Superchunk sound like they've been listening to a lot of Superchunk. Well, of course — what else would they sound like? But think about that for a second. Most bands slow down as they age because most people slow down as they age: Sonic Youth isn't about to start flirting with hardcore again; the Rolling Stones will never cut another "She Said Yeah." That's nature. But Superchunk 2010 could be easily mistaken for Superchunk… read more »
Superchunk sound like they've been listening to a lot of Superchunk. Well, of course — what else would they sound like? But think about that for a second. Most bands slow down as they age because most people slow down as they age: Sonic Youth isn't about to start flirting with hardcore again; the Rolling Stones will never cut another "She Said Yeah." That's nature. But Superchunk 2010 could be easily mistaken for Superchunk 1991 — the tempo hasn't moved and the scrappiness hasn't budged. And scrappy is what this band does.
That doesn't mean they sound scrawny. Nine years before this album, Superchunk made Here's to Shutting Up, a title that made even more sense once you listened; the band sounded listless even when they rocked, as if they were packing it in before they even hit "record." Majesty Shredding is exactly the opposite. Thanks in part to producer Scott Solter, and a terrific batch of songs, this might be the fullest and brightest album they've made. There's maturity to this — a veteran group harnessing its written and sonic powers with real concentration. But even though singer-guitarist Mac McCaughan's day job is running an unexpectedly successful business (Spoon and the Arcade Fire have seen to that), when he opens his mouth to sing, out pours the irresistible sing-along adolescent angst that marked Superchunk out to start with, as undiluted as you could hope for. Just listen to him go to the top of his range on "Everything at Once": scratchy and beseeching and rousing, a little grit in the throat that goes a long way expressively.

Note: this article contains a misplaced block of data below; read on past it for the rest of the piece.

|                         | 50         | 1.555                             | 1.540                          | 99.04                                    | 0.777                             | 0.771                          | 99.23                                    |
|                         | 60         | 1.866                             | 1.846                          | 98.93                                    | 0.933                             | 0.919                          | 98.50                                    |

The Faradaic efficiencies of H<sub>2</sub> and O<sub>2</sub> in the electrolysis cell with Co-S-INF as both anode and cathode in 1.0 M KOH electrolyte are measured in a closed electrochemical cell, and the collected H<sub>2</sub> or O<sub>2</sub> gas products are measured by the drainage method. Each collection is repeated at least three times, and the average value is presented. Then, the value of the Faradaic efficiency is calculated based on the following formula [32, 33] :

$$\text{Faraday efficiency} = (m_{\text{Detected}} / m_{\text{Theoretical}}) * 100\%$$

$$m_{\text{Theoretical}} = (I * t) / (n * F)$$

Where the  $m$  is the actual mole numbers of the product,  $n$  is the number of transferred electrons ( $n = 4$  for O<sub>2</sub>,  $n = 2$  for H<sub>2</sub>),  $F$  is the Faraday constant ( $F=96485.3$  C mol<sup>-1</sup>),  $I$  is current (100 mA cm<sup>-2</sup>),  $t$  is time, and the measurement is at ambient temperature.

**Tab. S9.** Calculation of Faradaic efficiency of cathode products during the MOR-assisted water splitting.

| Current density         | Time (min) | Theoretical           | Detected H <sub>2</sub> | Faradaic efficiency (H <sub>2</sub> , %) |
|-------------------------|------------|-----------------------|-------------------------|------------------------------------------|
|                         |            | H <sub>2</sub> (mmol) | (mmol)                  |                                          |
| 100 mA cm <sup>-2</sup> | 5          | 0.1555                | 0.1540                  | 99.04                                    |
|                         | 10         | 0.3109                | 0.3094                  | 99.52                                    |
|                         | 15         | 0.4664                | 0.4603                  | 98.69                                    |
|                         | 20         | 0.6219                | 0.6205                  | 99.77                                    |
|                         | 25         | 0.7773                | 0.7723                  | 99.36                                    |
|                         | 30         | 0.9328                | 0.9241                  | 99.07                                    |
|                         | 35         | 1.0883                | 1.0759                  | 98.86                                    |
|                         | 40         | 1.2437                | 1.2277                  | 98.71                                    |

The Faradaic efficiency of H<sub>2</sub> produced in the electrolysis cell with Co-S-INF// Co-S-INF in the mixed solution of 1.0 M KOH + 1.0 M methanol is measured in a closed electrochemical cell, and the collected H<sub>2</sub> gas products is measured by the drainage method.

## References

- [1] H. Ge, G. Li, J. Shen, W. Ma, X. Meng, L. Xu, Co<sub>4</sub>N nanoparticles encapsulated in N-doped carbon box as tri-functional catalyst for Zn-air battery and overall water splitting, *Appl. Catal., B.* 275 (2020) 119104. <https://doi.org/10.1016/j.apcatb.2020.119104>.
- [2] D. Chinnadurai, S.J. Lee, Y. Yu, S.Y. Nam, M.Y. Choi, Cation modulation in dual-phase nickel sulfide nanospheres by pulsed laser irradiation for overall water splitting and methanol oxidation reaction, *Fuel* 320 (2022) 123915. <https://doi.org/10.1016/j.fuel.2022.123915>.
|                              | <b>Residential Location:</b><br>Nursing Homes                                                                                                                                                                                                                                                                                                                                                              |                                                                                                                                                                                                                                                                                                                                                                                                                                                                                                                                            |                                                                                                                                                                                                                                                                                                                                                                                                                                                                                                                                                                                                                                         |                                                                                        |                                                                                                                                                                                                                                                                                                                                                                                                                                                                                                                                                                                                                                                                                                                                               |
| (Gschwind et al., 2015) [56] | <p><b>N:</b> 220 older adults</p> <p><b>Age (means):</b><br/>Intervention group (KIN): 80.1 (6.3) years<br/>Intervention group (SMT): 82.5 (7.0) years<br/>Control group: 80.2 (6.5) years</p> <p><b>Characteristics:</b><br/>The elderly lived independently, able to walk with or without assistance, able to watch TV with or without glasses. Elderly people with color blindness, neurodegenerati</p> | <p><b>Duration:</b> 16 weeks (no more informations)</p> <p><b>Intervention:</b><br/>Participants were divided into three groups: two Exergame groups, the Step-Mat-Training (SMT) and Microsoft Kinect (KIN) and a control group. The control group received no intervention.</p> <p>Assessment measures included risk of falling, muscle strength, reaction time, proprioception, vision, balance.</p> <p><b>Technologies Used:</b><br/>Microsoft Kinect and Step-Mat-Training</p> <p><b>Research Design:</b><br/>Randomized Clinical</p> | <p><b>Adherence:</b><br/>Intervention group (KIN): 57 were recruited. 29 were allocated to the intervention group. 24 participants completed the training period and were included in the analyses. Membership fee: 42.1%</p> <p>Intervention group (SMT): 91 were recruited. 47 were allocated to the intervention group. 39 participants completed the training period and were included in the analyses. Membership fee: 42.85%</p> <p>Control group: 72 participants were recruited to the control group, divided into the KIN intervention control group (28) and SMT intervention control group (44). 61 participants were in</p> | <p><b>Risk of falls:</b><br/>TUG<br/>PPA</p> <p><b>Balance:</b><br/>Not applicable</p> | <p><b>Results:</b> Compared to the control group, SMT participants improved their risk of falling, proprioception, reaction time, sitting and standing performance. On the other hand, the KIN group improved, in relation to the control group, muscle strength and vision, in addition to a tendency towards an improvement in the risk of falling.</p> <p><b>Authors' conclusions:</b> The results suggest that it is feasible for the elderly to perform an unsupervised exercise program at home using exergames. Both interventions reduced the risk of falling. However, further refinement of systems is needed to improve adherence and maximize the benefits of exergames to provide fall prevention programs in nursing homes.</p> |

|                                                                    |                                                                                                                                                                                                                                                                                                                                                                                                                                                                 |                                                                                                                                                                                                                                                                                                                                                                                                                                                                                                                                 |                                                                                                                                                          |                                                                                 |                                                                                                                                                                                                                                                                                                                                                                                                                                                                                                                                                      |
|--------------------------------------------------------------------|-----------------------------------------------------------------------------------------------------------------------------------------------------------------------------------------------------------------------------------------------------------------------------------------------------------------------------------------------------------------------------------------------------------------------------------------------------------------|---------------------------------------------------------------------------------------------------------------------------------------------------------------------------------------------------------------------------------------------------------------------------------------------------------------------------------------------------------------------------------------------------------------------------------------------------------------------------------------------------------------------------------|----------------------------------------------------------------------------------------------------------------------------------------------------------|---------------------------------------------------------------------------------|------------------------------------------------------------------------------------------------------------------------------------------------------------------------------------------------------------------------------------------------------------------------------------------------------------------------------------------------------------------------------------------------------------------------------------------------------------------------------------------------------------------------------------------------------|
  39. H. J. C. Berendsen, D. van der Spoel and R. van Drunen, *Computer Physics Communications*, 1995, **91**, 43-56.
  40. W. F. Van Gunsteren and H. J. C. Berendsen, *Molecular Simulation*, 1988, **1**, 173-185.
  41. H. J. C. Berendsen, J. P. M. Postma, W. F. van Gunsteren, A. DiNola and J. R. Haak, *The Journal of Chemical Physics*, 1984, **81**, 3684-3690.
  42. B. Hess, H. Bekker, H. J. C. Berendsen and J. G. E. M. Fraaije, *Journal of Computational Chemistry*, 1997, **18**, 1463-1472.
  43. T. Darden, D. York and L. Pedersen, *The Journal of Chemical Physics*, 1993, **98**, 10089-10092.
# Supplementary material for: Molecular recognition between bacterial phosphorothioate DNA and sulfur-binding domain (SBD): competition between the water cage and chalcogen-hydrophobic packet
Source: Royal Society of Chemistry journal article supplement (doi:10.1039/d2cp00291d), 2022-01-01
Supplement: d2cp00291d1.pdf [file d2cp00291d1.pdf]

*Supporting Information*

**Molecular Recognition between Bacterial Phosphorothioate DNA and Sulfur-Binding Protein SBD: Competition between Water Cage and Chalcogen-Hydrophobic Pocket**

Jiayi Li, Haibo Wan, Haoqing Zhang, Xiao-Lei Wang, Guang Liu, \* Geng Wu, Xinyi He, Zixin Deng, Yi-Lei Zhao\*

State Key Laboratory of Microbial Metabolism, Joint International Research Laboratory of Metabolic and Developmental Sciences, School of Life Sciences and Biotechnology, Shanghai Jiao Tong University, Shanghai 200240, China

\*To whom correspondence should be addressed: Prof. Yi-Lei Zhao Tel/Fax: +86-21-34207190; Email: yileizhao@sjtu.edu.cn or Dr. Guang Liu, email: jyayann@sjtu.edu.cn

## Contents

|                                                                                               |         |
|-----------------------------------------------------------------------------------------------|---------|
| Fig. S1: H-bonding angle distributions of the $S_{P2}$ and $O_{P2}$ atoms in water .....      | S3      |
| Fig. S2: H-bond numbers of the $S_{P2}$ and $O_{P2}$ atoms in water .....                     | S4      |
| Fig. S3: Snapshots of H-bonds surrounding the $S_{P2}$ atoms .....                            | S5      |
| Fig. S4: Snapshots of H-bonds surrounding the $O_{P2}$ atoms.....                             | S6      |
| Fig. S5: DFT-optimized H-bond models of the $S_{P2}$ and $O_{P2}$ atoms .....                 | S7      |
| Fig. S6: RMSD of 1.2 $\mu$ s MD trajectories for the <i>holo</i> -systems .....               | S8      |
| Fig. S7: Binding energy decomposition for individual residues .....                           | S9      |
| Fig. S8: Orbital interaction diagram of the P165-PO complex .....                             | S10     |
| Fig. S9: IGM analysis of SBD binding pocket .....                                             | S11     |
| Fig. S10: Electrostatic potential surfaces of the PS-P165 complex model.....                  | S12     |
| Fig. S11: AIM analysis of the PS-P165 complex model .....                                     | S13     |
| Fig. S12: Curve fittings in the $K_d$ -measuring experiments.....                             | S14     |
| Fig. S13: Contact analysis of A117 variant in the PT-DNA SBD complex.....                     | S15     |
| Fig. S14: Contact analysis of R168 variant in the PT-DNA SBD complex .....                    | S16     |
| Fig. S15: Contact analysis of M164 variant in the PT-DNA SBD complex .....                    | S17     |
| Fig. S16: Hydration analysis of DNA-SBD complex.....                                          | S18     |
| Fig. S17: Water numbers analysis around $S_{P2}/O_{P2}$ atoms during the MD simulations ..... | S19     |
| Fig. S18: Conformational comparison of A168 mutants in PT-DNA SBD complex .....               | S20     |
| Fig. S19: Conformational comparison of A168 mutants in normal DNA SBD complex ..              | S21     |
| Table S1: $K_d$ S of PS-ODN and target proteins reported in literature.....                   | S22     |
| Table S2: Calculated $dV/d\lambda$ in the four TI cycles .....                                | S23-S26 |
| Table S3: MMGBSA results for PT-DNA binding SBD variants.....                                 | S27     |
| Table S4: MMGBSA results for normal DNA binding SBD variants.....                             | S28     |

"Digging for Something" stomps the record into being. It's medium-tempo, but McCaughan, bassist Laura Ballance, guitarist Jim Wilbur and drummer Jon Wurster shake it so hard it feels faster. That's also the case with "Crossed Wires," whose chorus is a fairly typical plaint ("Don't touch me, I've got…") delivered with such jump it obviates any worry; this is where the album really takes off. It's followed hard by "Slow Jump," whose half-harrowing, half-hilarious first verse features McCaughan being attacked by horses and mice before waking up and seeing the nurse: He's in the hospital for, among other things, "a broken heart." Object all you want that these are people in their forties singing this stuff, but the music and singing tell the same story as the words, which is what counts.
It's hard not to wonder if "Learned to Surf" isn't a subtle rebuke to all the lazy "surf" bands inundating indie rock of late. "I might seem ou-ou-ou-ou-ou-ou-ou-out of it," McCaughan hollers at the beginning, sounding like anything but. When "Everything at Once" finishes with falsetto ooohs fighting for space with half-buried guitar skronk, there's a real sense of triumph. Of course the solo is muffled — this is a band. McCaughan might be in front but everything should be mixed together, the strumming is as important as the riffs, and tightness counts. Life-changing? Not unless you've never heard a Superchunk record before. Life-affirming? Goodness, yes.